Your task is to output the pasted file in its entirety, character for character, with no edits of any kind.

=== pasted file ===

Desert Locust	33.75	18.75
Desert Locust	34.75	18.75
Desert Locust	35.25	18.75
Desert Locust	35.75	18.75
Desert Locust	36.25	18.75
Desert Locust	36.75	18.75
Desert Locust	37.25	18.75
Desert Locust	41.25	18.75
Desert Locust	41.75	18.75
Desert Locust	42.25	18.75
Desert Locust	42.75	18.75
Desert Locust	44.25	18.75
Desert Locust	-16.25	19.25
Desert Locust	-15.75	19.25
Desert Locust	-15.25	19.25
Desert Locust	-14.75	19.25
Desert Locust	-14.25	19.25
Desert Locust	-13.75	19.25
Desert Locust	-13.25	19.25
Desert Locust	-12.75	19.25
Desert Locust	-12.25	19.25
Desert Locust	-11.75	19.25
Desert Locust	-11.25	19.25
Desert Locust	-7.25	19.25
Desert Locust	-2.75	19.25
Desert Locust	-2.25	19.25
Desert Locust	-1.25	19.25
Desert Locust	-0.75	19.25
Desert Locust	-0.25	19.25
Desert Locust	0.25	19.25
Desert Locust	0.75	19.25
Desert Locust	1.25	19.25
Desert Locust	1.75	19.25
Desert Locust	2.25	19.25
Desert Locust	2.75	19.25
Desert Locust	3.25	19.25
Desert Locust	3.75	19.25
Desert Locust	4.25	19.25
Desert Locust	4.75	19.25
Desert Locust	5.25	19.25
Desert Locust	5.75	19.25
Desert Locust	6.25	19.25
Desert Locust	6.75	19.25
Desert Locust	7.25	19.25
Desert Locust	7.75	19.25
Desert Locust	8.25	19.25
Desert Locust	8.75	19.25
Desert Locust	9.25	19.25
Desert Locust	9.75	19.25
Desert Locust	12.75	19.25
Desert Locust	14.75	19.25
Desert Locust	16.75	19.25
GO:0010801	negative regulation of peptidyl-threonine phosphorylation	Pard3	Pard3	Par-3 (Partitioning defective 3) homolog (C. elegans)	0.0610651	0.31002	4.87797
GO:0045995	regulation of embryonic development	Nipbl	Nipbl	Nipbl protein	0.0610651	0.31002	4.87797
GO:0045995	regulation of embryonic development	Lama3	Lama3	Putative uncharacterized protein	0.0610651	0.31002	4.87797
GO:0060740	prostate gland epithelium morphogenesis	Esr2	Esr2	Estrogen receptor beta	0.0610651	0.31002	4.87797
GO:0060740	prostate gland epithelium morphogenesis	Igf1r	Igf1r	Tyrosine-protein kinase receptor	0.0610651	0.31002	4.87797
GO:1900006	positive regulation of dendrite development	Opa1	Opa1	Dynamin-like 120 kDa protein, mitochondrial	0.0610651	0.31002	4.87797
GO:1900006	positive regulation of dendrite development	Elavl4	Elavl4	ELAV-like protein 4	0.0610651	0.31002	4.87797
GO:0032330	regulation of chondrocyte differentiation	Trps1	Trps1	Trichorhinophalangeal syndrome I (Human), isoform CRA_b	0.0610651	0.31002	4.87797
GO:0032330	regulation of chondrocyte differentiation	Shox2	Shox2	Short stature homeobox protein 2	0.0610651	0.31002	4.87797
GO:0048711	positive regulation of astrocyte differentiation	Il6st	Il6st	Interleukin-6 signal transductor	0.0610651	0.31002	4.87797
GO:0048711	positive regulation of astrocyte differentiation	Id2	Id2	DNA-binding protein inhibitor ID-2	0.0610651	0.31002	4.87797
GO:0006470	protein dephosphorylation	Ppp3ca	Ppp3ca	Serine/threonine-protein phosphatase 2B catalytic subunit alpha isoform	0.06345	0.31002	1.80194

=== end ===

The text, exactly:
Desert Locust	33.75	18.75
Desert Locust	34.75	18.75
Desert Locust	35.25	18.75
Desert Locust	35.75	18.75
Desert Locust	36.25	18.75
Desert Locust	36.75	18.75
Desert Locust	37.25	18.75
Desert Locust	41.25	18.75
Desert Locust	41.75	18.75
Desert Locust	42.25	18.75
Desert Locust	42.75	18.75
Desert Locust	44.25	18.75
Desert Locust	-16.25	19.25
Desert Locust	-15.75	19.25
Desert Locust	-15.25	19.25
Desert Locust	-14.75	19.25
Desert Locust	-14.25	19.25
Desert Locust	-13.75	19.25
Desert Locust	-13.25	19.25
Desert Locust	-12.75	19.25
Desert Locust	-12.25	19.25
Desert Locust	-11.75	19.25
Desert Locust	-11.25	19.25
Desert Locust	-7.25	19.25
Desert Locust	-2.75	19.25
Desert Locust	-2.25	19.25
Desert Locust	-1.25	19.25
Desert Locust	-0.75	19.25
Desert Locust	-0.25	19.25
Desert Locust	0.25	19.25
Desert Locust	0.75	19.25
Desert Locust	1.25	19.25
Desert Locust	1.75	19.25
Desert Locust	2.25	19.25
Desert Locust	2.75	19.25
Desert Locust	3.25	19.25
Desert Locust	3.75	19.25
Desert Locust	4.25	19.25
Desert Locust	4.75	19.25
Desert Locust	5.25	19.25
Desert Locust	5.75	19.25
Desert Locust	6.25	19.25
Desert Locust	6.75	19.25
Desert Locust	7.25	19.25
Desert Locust	7.75	19.25
Desert Locust	8.25	19.25
Desert Locust	8.75	19.25
Desert Locust	9.25	19.25
Desert Locust	9.75	19.25
Desert Locust	12.75	19.25
Desert Locust	14.75	19.25
Desert Locust	16.75	19.25
GO:0010801	negative regulation of peptidyl-threonine phosphorylation	Pard3	Pard3	Par-3 (Partitioning defective 3) homolog (C. elegans)	0.0610651	0.31002	4.87797
GO:0045995	regulation of embryonic development	Nipbl	Nipbl	Nipbl protein	0.0610651	0.31002	4.87797
GO:0045995	regulation of embryonic development	Lama3	Lama3	Putative uncharacterized protein	0.0610651	0.31002	4.87797
GO:0060740	prostate gland epithelium morphogenesis	Esr2	Esr2	Estrogen receptor beta	0.0610651	0.31002	4.87797
GO:0060740	prostate gland epithelium morphogenesis	Igf1r	Igf1r	Tyrosine-protein kinase receptor	0.0610651	0.31002	4.87797
GO:1900006	positive regulation of dendrite development	Opa1	Opa1	Dynamin-like 120 kDa protein, mitochondrial	0.0610651	0.31002	4.87797
GO:1900006	positive regulation of dendrite development	Elavl4	Elavl4	ELAV-like protein 4	0.0610651	0.31002	4.87797
GO:0032330	regulation of chondrocyte differentiation	Trps1	Trps1	Trichorhinophalangeal syndrome I (Human), isoform CRA_b	0.0610651	0.31002	4.87797
GO:0032330	regulation of chondrocyte differentiation	Shox2	Shox2	Short stature homeobox protein 2	0.0610651	0.31002	4.87797
GO:0048711	positive regulation of astrocyte differentiation	Il6st	Il6st	Interleukin-6 signal transductor	0.0610651	0.31002	4.87797
GO:0048711	positive regulation of astrocyte differentiation	Id2	Id2	DNA-binding protein inhibitor ID-2	0.0610651	0.31002	4.87797
GO:0006470	protein dephosphorylation	Ppp3ca	Ppp3ca	Serine/threonine-protein phosphatase 2B catalytic subunit alpha isoform	0.06345	0.31002	1.80194